Assume that now Apple stocks are trading at $160. We intend to purchase 100 shares, so the total price will be $16,000. In a few weeks price will have appreciated to $170. The gain is $1000 ($16,000 to $17,000). You win. But! The forecasts are not always that accurate. Predictions can be wrong. If the price moves in the opposite direction, we will suffer losses.
To create a safety net for yourself, it’s better to use stop loss orders. In fact, use them as often as you can. Don’t forget that when you trade on leverage, it’s not always rainbows. Loss is always possible. Even if you are told that the deal will end in a 100% profit, it may not.
Of course, most brokers monitor your balance with margin calls. But honestly, what if you simply don’t pay attention to all these notifications? What if you don’t have time to fund your trading account before it’s too late? What if you religiously believe in your luck and don’t read the notifications on purpose?
Setting stop losses is an extremely good practice for any trader, even for a seasoned one (and that’s not speaking of beginners). You may question the importance of stop losses when you don’t have open positions and currently are not involved with any deals. But, once you feel the emotional weight of a falling market, you will understand how painful it is to lose your own money in a matter of seconds. The market is volatile, and you should accept that, it will help make you a smarter trader.
The good news is that today most CFD providers don't let your balance go below zero. If you don't have enough capital on your trading account, you get margin calls. If they don't drive your reaction or you ignore them, your funds will continue to drop. If you don't do anything, a broker closes out your account. That's it.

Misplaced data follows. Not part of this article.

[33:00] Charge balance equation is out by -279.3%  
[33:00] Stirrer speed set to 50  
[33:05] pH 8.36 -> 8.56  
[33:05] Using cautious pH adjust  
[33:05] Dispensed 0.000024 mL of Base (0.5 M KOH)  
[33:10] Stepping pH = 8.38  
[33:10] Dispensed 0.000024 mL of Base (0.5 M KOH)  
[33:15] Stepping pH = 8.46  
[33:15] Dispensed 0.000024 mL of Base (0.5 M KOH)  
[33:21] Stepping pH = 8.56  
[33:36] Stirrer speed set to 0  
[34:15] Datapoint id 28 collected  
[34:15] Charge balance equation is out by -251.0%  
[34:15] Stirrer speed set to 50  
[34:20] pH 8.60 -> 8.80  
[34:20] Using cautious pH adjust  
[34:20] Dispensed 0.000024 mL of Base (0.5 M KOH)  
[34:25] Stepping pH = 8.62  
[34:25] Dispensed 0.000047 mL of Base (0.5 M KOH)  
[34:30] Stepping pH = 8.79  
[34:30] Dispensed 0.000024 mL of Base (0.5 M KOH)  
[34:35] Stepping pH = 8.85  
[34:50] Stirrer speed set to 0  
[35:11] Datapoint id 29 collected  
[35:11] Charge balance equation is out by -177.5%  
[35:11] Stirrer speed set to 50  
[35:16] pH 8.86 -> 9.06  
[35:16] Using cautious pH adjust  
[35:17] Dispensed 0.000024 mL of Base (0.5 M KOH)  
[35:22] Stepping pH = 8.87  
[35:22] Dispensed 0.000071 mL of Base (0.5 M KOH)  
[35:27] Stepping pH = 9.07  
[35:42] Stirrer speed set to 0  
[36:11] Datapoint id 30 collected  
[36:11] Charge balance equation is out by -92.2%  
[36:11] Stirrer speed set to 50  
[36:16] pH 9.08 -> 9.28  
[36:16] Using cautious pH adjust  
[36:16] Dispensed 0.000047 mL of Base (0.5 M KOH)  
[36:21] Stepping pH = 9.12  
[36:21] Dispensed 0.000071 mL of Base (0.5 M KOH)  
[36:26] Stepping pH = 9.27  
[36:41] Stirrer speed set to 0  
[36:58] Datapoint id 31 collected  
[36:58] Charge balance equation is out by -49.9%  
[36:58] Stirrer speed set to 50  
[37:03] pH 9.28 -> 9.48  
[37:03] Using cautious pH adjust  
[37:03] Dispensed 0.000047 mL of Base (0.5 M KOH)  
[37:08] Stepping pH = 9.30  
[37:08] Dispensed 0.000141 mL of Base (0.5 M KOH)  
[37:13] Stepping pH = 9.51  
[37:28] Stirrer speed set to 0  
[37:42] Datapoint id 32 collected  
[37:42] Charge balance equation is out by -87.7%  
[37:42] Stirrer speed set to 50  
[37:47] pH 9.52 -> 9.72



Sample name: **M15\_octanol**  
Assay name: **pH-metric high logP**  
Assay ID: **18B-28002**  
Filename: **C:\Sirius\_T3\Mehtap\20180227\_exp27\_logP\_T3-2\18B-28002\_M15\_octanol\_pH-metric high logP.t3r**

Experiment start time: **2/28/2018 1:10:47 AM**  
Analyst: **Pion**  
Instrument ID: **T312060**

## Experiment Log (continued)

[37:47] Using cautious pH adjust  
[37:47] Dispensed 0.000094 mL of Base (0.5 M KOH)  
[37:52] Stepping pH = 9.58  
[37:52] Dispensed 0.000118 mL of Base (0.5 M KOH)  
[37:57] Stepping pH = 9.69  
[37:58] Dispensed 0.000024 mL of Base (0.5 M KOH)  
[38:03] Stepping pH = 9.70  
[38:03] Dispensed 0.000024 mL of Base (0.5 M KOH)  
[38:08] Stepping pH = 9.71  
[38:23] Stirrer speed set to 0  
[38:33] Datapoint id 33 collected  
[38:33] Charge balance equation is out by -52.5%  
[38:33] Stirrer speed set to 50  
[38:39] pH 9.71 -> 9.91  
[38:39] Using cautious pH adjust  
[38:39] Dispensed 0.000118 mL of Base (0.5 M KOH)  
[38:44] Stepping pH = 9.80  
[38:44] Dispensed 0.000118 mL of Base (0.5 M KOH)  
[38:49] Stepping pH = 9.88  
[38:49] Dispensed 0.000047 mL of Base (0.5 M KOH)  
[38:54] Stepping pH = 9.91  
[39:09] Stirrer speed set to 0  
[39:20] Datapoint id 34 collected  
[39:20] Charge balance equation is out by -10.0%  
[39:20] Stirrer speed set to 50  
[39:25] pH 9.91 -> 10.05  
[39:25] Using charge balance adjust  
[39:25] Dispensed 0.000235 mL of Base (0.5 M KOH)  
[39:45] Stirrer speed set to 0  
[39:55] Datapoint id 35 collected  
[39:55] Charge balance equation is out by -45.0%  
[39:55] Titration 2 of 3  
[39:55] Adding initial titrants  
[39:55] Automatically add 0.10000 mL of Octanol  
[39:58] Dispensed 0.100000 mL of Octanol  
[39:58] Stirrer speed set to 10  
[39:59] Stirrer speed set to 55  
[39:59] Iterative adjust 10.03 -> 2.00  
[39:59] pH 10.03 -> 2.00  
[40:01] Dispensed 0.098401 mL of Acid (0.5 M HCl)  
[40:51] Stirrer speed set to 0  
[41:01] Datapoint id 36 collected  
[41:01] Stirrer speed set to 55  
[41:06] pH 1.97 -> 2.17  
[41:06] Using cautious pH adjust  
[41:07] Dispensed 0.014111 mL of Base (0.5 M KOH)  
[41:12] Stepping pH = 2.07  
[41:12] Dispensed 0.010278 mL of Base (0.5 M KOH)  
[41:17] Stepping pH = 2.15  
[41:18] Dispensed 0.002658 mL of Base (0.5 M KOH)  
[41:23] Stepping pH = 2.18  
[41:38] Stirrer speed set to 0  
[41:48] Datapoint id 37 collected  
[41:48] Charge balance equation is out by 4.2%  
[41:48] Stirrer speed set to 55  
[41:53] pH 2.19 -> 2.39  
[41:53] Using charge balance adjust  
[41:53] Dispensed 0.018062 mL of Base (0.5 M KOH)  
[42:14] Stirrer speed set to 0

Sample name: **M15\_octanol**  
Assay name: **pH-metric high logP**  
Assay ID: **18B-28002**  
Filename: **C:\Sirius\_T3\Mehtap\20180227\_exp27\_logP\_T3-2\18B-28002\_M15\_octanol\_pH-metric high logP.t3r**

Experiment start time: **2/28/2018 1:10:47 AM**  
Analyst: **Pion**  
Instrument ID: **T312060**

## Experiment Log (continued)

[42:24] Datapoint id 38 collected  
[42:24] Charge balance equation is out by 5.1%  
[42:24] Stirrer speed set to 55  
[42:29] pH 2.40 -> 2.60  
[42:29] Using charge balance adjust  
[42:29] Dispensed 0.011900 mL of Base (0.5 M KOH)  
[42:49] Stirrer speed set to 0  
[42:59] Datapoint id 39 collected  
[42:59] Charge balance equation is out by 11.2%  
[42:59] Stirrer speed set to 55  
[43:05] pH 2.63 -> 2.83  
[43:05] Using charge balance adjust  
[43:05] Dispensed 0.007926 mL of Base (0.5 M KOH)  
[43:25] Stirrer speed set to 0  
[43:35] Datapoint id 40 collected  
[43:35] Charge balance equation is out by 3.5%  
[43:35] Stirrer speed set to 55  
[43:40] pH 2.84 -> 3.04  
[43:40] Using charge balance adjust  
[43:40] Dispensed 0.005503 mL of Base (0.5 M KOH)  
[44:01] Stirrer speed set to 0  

Let’s take a look from the other perspective.
Assume that analysts say that Apple stock will fall in value dramatically, if not severely. As soon as we learn the news, we start to invent ways to gain from the price movement. The first decision that comes to our mind is to ‘short’ or open a selling CFD on 100 Apple shares at $160 each ($16,000 in total) and wait in expectation that the price will fall so we can buy the shares back at a lower price and benefit from it.
Consequently, long CFDs are a perfect strategy in bullish markets, whereas short CFDs are good for bearish markets.
One of the major points of CFDs is that they do not have an expiration date (in fact, a lot of other derivatives products like options have). A trade is closed only when placed in the opposite direction (that opened it). As simple as that. For example, you can close a buy trade on 100 CFDs on silver only by selling these CFDs.
Furthermore, you don’t have to worry about delivery.
If you don’t close your position during a trading day, you have to pay an overnight fee for keeping it open.
Profit and loss are easily calculated with a simple formula. You just multiply the number of contracts you hold by the difference in prices (when you entered CFD and when you closed it).
To make the calculation as accurate as possible, you should remove any extra costs like overnight fees or charges.
Profit/loss = number of CFDs x (closing price – opening price)
Take that you purchase 1000 CFDs of XYZ when they were trading at 400p per share. Assume you sell XYZ shares when they are trading at 450p per share.
Profit/loss = 1000 x (450 – 400) = 50,000p
Your profit is £500.